As the United States enters a new year, it is not only a new beginning but also the official start of an election year, which will be crucial. The odds currently point to a potential rematch between President Joseph Biden and former President Donald Trump.
While this may not be a new confrontation, the implications for Washington's European allies are crucial, with issues such as NATO support and military aid to Ukraine taking center stage.
The United States of America has long been an indispensable member of NATO, and its position within the alliance was the subject of debate in the upcoming elections in 2024.
President Biden has been a staunch supporter of NATO, stressing the need to "re-invigorate" key alliances. This commitment was evident in American leadership within NATO during Russia's war in Ukraine. President Biden's potential second term is expected to maintain consistency in his commitment to NATO.
However, European allies can foresee increased pressure to meet military spending targets. On the contrary, former President Trump has a history of expressing disdain for NATO and has even floated the idea of a US withdrawal.
Although legislative measures have been taken to prevent such a withdrawal, Trump is likely to undermine the alliance, favoring bilateral cooperation and pushing for a reduction in US involvement. The outcome of the election carries significant weight, determining the United States' commitment to NATO and, consequently, affecting global security.
Military support to Ukraine
Recent events have underscored the importance of the president's role in ensuring continued military support for Ukraine. Levels of financial support in 2025 are expected to be affected by the election outcome, and the potential change in support is rated a significant 10/10.
President Biden's administration has shown an unwavering commitment to support Ukraine, both military and humanitarian. The president's pledge to support Ukraine "as long as necessary" and recent battles with Congress over the aid package have proven his commitment to the issue.
A second Biden administration is likely to continue strong military support, but approval will depend on the makeup of Congress.
Conversely, a Trump victory could mean the end of White House support for Ukraine.
Trump's past claims of being able to resolve the conflict quickly and criticism of Biden for putting "Ukraine first" suggest a different approach. Trump's history with Russian President Vladimir Putin adds complexity to the situation, he is likely to push for a quick solution with little concern for Ukrainian territorial losses.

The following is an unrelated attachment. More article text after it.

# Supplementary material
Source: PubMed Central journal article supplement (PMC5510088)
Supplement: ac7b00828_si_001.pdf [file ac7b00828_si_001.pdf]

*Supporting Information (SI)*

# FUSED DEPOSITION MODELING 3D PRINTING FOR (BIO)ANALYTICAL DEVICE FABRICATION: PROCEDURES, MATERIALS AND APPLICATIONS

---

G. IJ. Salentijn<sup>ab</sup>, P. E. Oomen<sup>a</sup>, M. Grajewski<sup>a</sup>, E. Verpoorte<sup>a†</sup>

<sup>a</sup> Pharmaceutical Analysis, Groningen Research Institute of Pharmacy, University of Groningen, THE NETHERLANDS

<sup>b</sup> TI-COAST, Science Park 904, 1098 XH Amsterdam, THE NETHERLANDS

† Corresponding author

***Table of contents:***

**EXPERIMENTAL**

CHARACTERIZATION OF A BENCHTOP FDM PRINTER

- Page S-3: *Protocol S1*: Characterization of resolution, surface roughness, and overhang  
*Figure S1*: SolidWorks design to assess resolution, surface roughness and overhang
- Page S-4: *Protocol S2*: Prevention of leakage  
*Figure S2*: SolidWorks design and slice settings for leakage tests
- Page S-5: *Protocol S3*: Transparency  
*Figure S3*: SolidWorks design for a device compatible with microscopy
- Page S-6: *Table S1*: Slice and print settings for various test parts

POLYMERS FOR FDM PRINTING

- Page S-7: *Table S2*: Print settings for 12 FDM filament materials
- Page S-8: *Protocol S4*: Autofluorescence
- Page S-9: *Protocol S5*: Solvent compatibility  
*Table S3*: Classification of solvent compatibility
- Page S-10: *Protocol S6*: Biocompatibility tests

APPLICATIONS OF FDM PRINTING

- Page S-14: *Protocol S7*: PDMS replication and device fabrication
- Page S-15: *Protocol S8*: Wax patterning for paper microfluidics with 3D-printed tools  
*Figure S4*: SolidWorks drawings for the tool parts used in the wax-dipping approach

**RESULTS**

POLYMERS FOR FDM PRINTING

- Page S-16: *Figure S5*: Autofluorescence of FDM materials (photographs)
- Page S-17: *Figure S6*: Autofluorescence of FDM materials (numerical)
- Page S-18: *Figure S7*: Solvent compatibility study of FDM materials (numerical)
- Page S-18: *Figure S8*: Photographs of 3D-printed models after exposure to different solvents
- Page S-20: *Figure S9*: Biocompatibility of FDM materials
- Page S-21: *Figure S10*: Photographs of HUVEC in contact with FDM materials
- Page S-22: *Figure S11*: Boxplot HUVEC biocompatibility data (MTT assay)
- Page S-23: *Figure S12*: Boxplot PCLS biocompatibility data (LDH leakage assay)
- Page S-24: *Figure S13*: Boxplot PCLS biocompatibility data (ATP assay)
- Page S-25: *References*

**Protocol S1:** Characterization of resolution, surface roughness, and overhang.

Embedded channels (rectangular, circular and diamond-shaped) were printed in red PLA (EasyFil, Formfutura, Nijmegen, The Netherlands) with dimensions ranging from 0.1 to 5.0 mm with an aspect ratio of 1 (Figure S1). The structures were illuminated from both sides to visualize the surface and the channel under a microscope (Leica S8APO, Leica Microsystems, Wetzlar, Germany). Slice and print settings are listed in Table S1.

The 2024 US presidential election has significant implications for key issues affecting Washington's European allies. The future of NATO and the level of military support for Ukraine hangs in the balance. While President Biden's second term suggests continuity in current policy, Trump's victory could bring significant shifts in American foreign relations.
As the year progresses, the whole world will follow what happens in the American elections, which they are already announcing could be historic due to the complexity of the situation in the world, but also in the USA itself, which has problems with the migrant crisis, with a focus on the state of Texas.
Kurds in Syria and Turkey
The tangled web of diplomatic relations between the United States and Turkey has seen plenty of turbulence, with tensions often reaching a boiling point since Turkey's attempted coup in 2016. One persistent flashpoint has been Washington's support for Kurdish militias in Syria, a factor that continues to upset the balance in bilateral relations between the two countries.
The Biden administration initially approached Turkish President Recep Tayyip Erdogan's government with caution, particularly because of Ankara's positive relationship with Russian President Vladimir Putin. However, the pragmatism of securing Ankara's support for Sweden's NATO bid led to a change in approach, marked by public courtship and high-profile deals.
Despite this, warm relations with Biden's team remain elusive. The main dispute revolves around support for Kurdish armed factions in Syria. An uneasy truce has emerged, with Turkey targeting Kurdish forces near its border in Syria.
However, both sides appear to be sticking to the delicate balance outlined in the 2019 agreement, demarcating territorial zones for Kurds and Turks. The Biden administration, while understanding Turkey's concerns, continues to support and cooperate with the Syrian Kurds, albeit with certain operational blind spots.
Washington's support for the Syrian Kurds, who Turkey accuses of being linked to the designated terrorist organization the Kurdistan Workers' Party (PKK), is a major reason for the disagreement. The Biden administration, recognizing Ankara's displeasure, is unlikely to abandon the Syrian Kurds without a comprehensive solution for the region.
Arms deals, a recurring point of contention, may survive, although recent exceptions like the F-16 fighter jet deal hint at possible compromises. The Trump-Erdogan relationship saw the sudden withdrawal of US special forces supporting the Syrian Democratic Forces under pressure from Turkey.
The move drew bipartisan condemnation from Congress, prompting the Trump administration to negotiate limits on Turkish military operations in northern Syria. Trump's potential return to the White House and a potentially less resistant Congress could give Erdogan more room to maneuver against the Syrian Kurds.
The 2024 US election has significant ramifications for NATO allies, and relations between the US and Turkey are at an all-time high.